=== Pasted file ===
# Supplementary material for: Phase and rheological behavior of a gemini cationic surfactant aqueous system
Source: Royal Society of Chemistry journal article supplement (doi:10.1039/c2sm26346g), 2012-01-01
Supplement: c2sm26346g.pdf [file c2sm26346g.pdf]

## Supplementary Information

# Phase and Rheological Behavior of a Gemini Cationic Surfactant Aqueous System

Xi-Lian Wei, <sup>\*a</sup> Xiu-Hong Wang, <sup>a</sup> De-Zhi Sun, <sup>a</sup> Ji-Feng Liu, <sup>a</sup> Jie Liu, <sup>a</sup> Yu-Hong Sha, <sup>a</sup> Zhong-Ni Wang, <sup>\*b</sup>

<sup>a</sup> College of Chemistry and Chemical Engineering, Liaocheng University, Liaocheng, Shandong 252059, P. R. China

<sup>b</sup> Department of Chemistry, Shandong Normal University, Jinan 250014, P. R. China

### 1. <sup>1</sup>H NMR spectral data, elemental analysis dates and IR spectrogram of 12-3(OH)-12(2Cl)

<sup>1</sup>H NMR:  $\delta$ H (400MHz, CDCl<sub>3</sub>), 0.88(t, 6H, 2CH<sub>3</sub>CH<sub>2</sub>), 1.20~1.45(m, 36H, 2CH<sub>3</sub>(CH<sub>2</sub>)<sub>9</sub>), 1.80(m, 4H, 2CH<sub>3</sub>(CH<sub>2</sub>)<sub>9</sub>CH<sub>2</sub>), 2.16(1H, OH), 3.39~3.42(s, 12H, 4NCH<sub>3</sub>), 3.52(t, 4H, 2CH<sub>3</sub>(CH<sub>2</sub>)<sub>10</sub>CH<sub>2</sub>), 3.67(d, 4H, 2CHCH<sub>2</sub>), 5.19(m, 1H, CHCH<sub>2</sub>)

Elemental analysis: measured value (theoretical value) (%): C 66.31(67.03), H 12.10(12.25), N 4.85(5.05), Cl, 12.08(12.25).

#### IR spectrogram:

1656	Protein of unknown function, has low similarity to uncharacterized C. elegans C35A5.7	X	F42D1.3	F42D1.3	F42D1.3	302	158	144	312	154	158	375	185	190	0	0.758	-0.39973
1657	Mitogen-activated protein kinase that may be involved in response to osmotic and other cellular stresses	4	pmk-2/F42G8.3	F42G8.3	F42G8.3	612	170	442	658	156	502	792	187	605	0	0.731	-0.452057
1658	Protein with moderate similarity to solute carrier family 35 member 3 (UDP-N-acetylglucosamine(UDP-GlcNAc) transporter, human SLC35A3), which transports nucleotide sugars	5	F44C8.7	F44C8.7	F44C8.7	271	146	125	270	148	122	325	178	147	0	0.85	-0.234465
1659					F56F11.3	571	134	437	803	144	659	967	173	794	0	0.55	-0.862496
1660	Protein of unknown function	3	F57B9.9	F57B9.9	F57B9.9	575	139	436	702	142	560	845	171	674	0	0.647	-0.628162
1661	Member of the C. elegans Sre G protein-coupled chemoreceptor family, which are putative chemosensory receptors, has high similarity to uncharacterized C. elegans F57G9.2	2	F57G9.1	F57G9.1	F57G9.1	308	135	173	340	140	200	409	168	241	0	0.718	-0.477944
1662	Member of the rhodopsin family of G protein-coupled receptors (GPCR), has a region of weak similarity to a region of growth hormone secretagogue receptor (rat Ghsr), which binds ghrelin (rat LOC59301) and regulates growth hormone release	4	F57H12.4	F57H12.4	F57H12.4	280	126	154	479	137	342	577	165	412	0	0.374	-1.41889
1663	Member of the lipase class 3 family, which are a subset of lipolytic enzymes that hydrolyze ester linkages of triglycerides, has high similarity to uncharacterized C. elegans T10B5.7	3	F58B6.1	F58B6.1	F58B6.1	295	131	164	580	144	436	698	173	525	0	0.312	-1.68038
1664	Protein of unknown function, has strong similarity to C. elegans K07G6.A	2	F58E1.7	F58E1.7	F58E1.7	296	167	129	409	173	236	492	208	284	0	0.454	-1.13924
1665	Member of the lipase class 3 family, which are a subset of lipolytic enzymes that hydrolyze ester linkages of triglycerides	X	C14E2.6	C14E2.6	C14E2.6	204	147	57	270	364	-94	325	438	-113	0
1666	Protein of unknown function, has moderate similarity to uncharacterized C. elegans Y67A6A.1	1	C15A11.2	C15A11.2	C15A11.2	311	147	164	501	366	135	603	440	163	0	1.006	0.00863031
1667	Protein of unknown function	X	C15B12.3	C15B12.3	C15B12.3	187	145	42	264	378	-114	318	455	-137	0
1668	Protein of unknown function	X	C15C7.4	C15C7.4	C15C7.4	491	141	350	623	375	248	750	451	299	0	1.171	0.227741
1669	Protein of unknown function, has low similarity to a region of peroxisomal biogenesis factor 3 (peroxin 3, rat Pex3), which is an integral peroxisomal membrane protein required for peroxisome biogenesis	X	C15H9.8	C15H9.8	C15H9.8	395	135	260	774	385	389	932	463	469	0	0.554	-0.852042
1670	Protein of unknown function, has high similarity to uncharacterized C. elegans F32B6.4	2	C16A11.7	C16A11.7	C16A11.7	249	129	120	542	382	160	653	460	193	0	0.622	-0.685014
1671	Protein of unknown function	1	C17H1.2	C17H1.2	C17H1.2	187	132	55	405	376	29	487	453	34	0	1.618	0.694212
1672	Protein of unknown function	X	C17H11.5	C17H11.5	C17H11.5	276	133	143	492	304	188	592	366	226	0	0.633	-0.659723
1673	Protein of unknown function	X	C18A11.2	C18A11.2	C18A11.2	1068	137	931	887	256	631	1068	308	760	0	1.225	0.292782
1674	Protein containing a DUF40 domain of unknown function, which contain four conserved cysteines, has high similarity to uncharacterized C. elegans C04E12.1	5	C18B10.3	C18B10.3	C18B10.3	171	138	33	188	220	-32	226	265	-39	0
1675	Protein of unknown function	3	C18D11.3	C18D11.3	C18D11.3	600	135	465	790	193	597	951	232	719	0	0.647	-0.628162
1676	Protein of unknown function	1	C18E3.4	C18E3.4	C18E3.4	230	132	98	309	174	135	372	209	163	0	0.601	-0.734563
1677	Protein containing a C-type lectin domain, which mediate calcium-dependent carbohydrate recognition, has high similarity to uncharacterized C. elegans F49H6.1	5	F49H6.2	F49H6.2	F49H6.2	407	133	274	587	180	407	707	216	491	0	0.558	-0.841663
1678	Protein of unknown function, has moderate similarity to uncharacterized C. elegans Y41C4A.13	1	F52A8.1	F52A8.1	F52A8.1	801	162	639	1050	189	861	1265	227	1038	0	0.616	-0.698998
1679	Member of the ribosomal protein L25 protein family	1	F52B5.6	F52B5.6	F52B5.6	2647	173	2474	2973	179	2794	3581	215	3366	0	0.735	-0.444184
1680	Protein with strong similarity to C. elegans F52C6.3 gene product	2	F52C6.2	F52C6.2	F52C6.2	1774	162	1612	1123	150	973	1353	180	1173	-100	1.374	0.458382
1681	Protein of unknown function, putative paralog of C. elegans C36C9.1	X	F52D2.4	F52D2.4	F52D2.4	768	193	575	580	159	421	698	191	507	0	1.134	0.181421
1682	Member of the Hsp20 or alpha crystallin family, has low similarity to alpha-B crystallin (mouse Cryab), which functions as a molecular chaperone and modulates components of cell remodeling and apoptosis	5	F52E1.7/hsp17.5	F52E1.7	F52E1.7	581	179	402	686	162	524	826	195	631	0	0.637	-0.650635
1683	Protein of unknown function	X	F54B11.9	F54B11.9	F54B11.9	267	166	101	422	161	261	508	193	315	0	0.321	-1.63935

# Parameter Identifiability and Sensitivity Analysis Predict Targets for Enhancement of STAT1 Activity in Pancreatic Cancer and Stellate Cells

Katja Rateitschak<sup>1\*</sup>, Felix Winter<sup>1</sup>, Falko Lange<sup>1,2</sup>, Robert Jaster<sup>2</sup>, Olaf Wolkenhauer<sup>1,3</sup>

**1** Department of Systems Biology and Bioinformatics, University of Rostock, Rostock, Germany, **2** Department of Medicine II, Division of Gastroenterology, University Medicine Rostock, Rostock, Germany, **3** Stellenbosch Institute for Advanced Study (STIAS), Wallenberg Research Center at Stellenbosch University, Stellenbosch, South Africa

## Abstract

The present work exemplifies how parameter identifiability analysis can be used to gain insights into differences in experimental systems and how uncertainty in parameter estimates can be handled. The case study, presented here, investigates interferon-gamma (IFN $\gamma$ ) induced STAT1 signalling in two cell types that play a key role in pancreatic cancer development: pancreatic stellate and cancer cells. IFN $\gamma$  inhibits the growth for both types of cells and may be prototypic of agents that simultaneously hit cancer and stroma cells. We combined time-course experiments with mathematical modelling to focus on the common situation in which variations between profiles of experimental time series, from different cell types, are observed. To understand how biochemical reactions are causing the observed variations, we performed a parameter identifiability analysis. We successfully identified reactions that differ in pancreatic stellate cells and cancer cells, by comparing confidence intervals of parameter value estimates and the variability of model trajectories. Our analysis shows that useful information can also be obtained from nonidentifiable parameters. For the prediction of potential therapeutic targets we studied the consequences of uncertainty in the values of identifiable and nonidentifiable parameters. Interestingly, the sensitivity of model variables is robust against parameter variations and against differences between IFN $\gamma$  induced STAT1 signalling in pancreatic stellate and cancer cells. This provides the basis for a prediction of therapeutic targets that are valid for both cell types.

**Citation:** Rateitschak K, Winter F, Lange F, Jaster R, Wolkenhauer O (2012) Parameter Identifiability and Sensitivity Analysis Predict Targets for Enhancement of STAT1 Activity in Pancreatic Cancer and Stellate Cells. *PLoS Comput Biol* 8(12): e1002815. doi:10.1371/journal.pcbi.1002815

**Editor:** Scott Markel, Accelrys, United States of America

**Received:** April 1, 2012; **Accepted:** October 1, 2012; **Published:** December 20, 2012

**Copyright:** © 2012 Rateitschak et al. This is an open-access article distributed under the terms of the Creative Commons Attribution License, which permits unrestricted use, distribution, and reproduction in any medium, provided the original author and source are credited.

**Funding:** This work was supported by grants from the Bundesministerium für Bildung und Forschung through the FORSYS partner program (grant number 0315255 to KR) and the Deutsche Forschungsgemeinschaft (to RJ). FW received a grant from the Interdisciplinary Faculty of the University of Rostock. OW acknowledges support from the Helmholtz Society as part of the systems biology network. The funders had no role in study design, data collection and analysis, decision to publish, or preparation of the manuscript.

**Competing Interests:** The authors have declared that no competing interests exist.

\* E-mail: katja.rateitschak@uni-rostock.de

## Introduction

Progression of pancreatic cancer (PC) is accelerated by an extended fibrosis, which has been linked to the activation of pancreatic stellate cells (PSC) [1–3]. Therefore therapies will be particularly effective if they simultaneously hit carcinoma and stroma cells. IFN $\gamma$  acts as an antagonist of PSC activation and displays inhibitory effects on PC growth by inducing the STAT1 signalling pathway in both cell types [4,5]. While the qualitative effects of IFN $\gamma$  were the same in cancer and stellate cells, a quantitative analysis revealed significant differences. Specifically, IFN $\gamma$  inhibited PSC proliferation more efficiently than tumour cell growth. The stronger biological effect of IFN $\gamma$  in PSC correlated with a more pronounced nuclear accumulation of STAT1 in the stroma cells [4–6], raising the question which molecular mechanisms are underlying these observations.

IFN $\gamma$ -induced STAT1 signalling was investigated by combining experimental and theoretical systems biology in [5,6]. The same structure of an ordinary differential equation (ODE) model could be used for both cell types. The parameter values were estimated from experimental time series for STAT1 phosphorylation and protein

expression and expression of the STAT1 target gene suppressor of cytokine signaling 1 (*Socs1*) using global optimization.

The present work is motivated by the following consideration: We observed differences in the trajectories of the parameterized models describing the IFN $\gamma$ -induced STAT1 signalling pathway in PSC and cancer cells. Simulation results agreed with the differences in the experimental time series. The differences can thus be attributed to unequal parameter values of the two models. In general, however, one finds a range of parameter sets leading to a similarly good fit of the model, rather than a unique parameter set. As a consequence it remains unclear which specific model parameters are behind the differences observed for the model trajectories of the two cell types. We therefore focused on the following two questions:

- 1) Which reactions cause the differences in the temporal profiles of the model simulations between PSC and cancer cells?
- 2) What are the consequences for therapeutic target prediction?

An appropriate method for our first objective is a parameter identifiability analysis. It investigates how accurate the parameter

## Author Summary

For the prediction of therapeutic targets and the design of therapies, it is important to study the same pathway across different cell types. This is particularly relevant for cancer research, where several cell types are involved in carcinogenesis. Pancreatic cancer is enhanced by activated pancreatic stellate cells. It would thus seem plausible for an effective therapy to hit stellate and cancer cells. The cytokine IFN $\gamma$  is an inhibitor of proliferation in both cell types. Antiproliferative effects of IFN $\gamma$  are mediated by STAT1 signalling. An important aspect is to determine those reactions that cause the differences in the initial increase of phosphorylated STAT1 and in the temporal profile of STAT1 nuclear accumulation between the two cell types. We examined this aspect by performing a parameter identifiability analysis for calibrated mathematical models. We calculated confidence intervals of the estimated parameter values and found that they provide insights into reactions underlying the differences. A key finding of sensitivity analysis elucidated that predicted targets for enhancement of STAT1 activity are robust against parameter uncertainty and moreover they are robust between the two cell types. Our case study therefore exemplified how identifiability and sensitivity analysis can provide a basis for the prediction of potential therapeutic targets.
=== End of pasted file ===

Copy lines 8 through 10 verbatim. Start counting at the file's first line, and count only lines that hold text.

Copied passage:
<sup>b</sup> Department of Chemistry, Shandong Normal University, Jinan 250014, P. R. China

### 1. <sup>1</sup>H NMR spectral data, elemental analysis dates and IR spectrogram of 12-3(OH)-12(2Cl)

<sup>1</sup>H NMR:  $\delta$ H (400MHz, CDCl<sub>3</sub>), 0.88(t, 6H, 2CH<sub>3</sub>CH<sub>2</sub>), 1.20~1.45(m, 36H, 2CH<sub>3</sub>(CH<sub>2</sub>)<sub>9</sub>), 1.80(m, 4H, 2CH<sub>3</sub>(CH<sub>2</sub>)<sub>9</sub>CH<sub>2</sub>), 2.16(1H, OH), 3.39~3.42(s, 12H, 4NCH<sub>3</sub>), 3.52(t, 4H, 2CH<sub>3</sub>(CH<sub>2</sub>)<sub>10</sub>CH<sub>2</sub>), 3.67(d, 4H, 2CHCH<sub>2</sub>), 5.19(m, 1H, CHCH<sub>2</sub>)